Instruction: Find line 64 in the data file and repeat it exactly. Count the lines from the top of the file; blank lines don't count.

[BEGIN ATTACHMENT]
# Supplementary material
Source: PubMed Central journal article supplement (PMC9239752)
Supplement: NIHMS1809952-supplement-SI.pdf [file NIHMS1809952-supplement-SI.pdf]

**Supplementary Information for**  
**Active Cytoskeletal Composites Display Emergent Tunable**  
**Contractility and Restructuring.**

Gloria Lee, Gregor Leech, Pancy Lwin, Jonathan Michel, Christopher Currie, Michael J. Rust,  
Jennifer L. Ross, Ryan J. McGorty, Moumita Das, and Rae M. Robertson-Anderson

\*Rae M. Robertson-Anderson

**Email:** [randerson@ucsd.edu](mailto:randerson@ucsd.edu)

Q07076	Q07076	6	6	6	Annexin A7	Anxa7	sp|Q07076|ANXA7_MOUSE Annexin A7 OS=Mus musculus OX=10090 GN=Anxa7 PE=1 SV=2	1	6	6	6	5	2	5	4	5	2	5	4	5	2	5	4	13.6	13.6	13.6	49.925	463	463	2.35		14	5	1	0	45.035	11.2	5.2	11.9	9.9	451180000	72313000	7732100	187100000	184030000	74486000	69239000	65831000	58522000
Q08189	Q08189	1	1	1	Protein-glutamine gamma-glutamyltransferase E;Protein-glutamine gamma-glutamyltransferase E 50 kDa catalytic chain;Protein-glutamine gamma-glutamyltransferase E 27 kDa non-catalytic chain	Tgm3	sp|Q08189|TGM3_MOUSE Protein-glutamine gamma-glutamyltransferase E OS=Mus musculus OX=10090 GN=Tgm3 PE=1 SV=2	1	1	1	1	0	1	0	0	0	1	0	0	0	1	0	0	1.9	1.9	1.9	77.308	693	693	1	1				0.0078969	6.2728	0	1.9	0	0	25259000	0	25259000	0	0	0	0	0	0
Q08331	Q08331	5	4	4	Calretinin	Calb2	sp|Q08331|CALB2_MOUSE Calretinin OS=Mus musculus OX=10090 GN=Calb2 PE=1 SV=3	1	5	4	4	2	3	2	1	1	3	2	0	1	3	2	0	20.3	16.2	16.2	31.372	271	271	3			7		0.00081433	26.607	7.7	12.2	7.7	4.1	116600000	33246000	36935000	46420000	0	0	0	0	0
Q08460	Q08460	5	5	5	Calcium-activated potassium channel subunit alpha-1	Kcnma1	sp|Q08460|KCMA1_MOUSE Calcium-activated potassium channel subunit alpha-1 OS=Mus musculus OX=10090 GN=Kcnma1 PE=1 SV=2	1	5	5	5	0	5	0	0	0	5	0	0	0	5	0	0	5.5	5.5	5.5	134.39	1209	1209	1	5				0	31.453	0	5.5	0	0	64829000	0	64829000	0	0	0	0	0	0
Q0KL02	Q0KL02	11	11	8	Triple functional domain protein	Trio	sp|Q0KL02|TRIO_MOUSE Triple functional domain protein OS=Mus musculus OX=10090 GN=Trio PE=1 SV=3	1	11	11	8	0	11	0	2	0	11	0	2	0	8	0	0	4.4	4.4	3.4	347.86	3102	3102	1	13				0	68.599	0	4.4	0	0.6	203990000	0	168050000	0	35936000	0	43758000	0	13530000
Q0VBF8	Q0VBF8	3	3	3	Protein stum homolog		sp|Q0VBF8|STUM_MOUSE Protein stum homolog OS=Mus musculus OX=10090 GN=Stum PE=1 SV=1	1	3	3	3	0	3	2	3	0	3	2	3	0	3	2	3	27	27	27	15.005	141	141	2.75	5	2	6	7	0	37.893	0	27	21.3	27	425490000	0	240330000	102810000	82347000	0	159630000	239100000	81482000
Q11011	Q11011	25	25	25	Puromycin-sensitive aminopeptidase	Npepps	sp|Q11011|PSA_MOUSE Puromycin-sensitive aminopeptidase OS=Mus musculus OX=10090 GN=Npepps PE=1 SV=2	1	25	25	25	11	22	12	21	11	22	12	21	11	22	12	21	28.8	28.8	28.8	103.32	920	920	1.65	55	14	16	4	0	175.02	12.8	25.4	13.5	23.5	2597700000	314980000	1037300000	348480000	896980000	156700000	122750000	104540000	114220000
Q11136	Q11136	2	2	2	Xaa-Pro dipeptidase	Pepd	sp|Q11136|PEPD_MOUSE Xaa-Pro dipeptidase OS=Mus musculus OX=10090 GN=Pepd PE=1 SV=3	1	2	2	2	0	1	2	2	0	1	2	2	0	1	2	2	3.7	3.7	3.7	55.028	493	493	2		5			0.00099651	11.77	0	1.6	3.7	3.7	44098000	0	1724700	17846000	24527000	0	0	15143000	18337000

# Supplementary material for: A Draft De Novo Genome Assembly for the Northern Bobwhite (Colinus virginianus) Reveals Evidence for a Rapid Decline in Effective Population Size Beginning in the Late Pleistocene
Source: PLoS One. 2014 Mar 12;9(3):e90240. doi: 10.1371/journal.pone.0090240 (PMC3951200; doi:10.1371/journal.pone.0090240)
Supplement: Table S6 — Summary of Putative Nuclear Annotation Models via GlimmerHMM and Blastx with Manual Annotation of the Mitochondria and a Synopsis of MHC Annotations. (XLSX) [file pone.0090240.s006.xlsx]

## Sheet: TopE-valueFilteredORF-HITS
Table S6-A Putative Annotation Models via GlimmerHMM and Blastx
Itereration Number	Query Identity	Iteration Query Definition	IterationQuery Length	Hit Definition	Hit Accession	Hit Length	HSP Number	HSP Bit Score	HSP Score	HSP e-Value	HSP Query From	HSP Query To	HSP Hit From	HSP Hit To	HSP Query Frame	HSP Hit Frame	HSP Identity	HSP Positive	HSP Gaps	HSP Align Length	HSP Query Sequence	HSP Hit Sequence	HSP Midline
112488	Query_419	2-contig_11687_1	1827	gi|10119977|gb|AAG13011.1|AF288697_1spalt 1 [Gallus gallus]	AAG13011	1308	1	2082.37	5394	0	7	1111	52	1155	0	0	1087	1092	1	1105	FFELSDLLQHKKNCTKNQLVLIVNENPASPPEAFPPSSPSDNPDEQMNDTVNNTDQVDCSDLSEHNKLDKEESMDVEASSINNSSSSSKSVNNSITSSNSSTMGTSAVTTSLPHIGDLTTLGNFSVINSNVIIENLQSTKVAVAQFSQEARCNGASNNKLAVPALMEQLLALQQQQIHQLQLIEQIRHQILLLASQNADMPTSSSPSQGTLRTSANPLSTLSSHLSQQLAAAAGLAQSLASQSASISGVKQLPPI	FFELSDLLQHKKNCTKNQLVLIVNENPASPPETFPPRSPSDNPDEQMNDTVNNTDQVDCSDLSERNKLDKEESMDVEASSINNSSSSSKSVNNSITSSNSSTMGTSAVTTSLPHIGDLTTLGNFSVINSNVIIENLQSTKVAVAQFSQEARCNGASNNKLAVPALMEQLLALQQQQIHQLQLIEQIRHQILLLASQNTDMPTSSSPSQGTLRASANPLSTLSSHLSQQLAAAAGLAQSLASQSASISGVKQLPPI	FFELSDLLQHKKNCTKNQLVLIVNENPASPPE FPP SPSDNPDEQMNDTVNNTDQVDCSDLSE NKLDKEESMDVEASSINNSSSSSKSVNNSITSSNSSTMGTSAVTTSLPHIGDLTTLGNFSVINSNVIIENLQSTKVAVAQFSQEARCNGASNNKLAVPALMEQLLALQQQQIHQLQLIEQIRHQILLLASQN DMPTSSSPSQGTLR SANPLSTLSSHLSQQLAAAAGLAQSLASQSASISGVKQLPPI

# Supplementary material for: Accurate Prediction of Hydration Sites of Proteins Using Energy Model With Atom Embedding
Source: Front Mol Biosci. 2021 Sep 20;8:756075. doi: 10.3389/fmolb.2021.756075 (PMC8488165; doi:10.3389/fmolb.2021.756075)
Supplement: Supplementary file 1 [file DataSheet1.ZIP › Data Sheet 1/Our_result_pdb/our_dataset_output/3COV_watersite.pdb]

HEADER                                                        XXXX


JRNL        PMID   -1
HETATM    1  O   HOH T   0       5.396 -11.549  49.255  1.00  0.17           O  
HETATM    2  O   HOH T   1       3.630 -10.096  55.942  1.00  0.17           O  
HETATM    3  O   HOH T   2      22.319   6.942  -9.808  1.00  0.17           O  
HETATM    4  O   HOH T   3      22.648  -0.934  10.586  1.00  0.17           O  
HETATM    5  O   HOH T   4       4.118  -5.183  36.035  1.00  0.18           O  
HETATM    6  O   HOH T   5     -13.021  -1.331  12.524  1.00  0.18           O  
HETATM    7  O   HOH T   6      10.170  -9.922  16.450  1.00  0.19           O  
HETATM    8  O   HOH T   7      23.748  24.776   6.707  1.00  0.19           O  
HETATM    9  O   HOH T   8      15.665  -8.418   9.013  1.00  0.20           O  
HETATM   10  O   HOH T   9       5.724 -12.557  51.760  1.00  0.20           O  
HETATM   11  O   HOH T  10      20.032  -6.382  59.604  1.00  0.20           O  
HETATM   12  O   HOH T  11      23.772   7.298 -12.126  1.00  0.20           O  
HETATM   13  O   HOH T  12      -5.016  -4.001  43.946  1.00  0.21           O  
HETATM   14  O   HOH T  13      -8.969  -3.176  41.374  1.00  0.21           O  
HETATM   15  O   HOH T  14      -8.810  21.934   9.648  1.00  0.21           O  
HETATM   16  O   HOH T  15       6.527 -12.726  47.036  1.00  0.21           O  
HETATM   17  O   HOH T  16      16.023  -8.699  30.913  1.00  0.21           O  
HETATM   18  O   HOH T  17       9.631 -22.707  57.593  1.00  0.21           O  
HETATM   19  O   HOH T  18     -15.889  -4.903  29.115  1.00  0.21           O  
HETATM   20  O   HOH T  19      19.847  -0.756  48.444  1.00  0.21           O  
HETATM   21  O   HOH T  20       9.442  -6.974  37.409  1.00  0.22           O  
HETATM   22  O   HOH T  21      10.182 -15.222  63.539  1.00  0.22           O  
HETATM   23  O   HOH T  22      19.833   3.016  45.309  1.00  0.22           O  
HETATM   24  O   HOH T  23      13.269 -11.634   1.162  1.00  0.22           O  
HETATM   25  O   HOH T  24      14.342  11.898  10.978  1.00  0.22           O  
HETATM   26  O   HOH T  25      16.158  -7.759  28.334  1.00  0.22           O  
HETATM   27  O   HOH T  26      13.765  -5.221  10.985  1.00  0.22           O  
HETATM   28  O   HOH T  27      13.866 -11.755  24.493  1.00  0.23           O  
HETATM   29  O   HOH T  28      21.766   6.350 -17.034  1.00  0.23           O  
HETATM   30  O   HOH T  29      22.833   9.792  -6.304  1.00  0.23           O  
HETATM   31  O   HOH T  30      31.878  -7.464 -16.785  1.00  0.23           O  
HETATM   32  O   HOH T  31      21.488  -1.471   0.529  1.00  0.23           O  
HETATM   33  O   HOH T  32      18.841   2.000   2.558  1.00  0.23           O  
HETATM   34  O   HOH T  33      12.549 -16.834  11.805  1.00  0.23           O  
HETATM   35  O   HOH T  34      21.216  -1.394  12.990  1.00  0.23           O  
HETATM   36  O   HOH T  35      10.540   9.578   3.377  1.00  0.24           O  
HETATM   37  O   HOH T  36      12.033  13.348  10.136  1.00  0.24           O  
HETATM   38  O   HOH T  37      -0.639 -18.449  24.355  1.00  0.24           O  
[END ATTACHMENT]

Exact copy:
HETATM   34  O   HOH T  33      12.549 -16.834  11.805  1.00  0.23           O  